Speaker Series: Jaeeun Kim
How does immigration law shape migrant subjectivities? This article examines whether and how migrants’ engagement with the asylum institution brings about changes in their religious practices and self-understandings, drawing on ethnographic research among ethnic Korean migrants from mainland China applying for asylum in the U.S. as Christians fearing persecution. Through a critical engagement with the interdisciplinary scholarship on migration and waiting and sociology of future, Jaeeun Kim develops a theory of migrants’ future-making and aspiration formation to unpack the black box through which immigration law shapes migrant subjectivities in variable and dynamic ways. Kim pays attention to the interplay between immigration law, non-state intermediaries, and transnational social fields, especially how the interplay shapes migrants’ approach toward the legally sanctioned status passage as well as their future imagination and aspirational horizon. She argues that the production and coordination of competing futures and aspirations in the context of involuntary waiting should be central to our analysis of immigration law and migrant subjectivities. This article further contributes to the literatures on therapeutic governance and legal consciousness by complementing a Foucauldian conceptualization of governance with a robust theory of future-oriented action and offering fruitful ways to study temporality in relation to law’s hegemony and inequality.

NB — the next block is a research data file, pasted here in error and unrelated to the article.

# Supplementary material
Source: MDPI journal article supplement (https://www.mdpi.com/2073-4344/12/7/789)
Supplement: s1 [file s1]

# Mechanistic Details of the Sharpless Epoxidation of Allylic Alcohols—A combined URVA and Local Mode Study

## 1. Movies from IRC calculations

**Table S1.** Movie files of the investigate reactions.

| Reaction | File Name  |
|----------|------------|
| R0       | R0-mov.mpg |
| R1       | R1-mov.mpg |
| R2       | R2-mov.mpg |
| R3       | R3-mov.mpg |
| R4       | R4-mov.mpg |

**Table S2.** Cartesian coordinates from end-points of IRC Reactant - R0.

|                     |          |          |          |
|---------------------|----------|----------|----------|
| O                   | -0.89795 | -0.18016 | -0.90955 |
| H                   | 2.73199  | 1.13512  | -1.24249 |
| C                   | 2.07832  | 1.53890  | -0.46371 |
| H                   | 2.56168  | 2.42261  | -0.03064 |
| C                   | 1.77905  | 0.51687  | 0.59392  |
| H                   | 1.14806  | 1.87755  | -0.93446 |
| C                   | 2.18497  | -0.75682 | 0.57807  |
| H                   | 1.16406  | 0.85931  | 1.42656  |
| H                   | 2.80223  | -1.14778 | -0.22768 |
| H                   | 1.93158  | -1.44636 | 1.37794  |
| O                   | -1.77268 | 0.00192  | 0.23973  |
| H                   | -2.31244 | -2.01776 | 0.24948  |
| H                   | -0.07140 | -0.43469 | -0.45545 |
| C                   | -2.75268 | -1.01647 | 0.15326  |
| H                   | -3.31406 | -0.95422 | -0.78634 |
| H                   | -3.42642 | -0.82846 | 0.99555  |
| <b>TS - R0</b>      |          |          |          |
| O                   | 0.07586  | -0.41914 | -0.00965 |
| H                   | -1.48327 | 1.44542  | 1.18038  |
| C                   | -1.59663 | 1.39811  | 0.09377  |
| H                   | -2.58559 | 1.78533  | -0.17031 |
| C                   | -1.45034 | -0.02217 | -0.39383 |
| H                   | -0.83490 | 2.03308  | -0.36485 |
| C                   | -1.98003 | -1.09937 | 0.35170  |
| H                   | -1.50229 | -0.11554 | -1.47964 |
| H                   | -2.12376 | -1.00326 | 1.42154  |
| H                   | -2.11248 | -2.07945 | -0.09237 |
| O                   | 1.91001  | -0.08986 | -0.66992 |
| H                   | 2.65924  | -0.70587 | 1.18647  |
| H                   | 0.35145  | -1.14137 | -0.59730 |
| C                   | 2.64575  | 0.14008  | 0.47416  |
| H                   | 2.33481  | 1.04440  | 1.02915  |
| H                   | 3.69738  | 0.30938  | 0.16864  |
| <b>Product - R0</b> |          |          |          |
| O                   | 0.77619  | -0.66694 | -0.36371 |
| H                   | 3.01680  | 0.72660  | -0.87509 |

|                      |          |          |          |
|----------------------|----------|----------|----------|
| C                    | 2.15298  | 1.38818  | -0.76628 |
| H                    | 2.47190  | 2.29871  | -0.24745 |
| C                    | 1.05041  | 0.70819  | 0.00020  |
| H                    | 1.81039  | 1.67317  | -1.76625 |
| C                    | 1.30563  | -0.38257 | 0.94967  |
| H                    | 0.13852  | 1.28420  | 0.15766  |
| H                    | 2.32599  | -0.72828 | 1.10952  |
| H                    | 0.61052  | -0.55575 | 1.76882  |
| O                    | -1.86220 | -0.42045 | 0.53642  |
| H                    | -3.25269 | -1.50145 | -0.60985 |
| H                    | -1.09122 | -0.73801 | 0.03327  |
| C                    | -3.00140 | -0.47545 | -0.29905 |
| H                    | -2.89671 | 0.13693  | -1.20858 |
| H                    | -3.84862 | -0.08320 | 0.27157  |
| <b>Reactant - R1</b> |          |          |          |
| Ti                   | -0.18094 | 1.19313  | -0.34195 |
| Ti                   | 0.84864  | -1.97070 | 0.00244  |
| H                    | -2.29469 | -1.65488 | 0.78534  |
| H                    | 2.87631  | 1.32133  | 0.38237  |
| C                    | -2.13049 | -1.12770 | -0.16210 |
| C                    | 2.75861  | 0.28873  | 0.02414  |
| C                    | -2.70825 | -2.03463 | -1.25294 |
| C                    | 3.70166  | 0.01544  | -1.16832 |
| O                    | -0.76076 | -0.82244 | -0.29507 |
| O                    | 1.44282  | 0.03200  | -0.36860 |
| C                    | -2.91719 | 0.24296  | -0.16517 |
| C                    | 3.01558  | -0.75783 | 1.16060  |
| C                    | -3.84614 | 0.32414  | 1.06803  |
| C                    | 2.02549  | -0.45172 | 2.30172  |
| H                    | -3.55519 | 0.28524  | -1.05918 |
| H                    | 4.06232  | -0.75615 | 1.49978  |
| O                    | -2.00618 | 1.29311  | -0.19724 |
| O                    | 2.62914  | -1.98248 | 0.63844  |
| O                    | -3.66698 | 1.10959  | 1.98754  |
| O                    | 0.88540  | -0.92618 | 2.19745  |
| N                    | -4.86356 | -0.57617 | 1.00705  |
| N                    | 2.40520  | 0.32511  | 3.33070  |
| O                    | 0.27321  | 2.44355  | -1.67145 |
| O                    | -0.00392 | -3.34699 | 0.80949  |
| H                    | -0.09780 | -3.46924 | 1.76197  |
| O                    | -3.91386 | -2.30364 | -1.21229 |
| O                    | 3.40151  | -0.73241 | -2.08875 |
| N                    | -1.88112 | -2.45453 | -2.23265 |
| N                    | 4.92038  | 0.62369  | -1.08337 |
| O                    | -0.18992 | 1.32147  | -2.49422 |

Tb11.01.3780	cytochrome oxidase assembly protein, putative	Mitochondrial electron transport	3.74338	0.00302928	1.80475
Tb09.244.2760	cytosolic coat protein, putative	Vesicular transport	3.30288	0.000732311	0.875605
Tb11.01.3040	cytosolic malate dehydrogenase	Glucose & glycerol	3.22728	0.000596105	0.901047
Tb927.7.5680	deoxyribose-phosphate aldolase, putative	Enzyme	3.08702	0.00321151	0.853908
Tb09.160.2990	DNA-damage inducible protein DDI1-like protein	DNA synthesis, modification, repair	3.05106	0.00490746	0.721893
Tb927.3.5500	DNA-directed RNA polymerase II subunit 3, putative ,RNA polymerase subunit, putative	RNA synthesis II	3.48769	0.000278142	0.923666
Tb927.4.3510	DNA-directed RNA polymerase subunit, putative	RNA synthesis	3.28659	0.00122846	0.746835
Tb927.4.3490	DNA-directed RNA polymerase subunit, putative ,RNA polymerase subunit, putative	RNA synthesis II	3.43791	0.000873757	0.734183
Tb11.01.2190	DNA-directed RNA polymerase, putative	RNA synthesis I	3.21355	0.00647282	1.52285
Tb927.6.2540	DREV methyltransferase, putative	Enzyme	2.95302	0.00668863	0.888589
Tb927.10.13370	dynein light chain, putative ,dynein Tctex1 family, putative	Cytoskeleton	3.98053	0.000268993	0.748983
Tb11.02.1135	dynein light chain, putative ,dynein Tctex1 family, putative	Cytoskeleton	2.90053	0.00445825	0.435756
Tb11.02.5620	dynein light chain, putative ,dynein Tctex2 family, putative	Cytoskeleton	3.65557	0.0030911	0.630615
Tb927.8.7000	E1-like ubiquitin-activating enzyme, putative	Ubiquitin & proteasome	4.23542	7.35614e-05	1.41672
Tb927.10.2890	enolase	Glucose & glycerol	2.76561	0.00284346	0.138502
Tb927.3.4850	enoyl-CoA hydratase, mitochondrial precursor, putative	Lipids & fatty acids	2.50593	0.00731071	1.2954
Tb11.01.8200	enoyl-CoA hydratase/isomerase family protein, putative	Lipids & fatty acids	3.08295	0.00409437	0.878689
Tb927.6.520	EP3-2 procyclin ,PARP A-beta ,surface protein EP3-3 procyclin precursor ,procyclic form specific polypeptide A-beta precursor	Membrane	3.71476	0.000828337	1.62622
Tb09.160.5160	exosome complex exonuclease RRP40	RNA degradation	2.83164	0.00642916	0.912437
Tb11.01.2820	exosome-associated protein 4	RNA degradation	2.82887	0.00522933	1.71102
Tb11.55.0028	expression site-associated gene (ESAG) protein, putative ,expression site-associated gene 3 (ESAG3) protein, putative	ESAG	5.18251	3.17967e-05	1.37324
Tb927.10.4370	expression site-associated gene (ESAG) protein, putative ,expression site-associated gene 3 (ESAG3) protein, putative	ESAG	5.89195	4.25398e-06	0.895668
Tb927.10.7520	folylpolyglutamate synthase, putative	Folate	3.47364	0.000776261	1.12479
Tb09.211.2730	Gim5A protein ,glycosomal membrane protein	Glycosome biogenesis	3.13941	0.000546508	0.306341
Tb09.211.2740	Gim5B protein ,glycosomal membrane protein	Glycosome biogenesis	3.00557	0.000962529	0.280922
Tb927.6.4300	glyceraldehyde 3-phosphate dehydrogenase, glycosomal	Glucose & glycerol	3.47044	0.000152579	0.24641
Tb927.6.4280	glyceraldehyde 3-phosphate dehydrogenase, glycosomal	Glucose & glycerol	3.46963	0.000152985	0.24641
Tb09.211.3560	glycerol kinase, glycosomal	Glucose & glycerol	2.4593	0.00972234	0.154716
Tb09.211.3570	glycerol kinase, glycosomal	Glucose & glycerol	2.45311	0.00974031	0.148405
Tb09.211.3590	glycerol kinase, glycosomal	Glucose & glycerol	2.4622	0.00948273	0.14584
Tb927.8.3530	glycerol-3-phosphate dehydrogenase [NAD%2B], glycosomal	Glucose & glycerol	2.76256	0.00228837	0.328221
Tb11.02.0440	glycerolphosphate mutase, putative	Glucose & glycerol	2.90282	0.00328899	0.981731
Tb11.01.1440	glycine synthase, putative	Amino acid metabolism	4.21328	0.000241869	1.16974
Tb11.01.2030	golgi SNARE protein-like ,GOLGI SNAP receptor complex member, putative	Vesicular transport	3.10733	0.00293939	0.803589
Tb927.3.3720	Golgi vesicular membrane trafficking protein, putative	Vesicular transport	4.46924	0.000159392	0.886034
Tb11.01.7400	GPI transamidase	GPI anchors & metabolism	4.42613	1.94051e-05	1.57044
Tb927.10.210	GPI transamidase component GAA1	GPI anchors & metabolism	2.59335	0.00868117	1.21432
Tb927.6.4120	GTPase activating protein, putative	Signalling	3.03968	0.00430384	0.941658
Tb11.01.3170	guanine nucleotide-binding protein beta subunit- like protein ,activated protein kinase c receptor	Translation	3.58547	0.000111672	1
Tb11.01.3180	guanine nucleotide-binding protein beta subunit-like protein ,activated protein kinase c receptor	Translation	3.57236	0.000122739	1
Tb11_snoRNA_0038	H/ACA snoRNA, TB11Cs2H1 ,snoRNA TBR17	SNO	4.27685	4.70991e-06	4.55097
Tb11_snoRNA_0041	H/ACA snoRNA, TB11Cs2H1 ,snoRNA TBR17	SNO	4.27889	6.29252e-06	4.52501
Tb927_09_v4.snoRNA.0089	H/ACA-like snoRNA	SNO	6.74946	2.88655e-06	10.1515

To register for the event, or to access the related paper draft, contact Sophie Kofman at email@example.com.
Jaeeun Kim is the Korea Foundation Endowed Associate Professor of Sociology and Professor of Law, by courtesy, at the University of Michigan. She is a political sociologist and law and society scholar interested in questions of human mobility, inequality, power, and agency. She seeks to develop a relational, processual, and agentic account of categorization and identification, particularly in contexts in which such practices have significant implications for inequality at local, national, and global levels. Her research takes a transnational and global perspective, and systematically considers sending and transit contexts in studying international migration by adopting a multi-sited approach to research.
Kim’s work, generously supported by the Social Science Research Council, the Wenner-Gren Foundation, the American Council of Learned Societies, and the Academy of Korean Studies, has been published in journals in sociological theory, law and society, race/ethnicity/migration, and historical sociology. Her first monograph, based on her award-winning dissertation (2013 Theda Skocpol Dissertation Award from the American Sociological Association), was published at Stanford University Press in 2016 and won three book prizes and one honorable mention from the American Sociological Association, the Social Science History Association, and the Association for Asian Studies. Kim’s recent article published in Sociological Theory, titled “Migration-Facilitating Capital: A Bourdieusian Theory of International Migration,” also received the 2019 Theory Prize from the ASA Theory Section.
Kim is currently working on her second book project about the asylum-seeking of unauthorized migrants on religious grounds, based on her ongoing multi-sited ethnographic fieldwork. Before joining the University of Michigan, she received her Ph.D. degree from UCLA, was a postdoctoral fellow at Princeton and Stanford, and taught at George Mason University for a year. She was a member of the Institute for Advanced Study (School of Social Science) in Princeton during 2016–2017, and a fellow at Wissenschaftskolleg zu Berllin (Institute for Advanced Study in Berlin) during 2020–2021.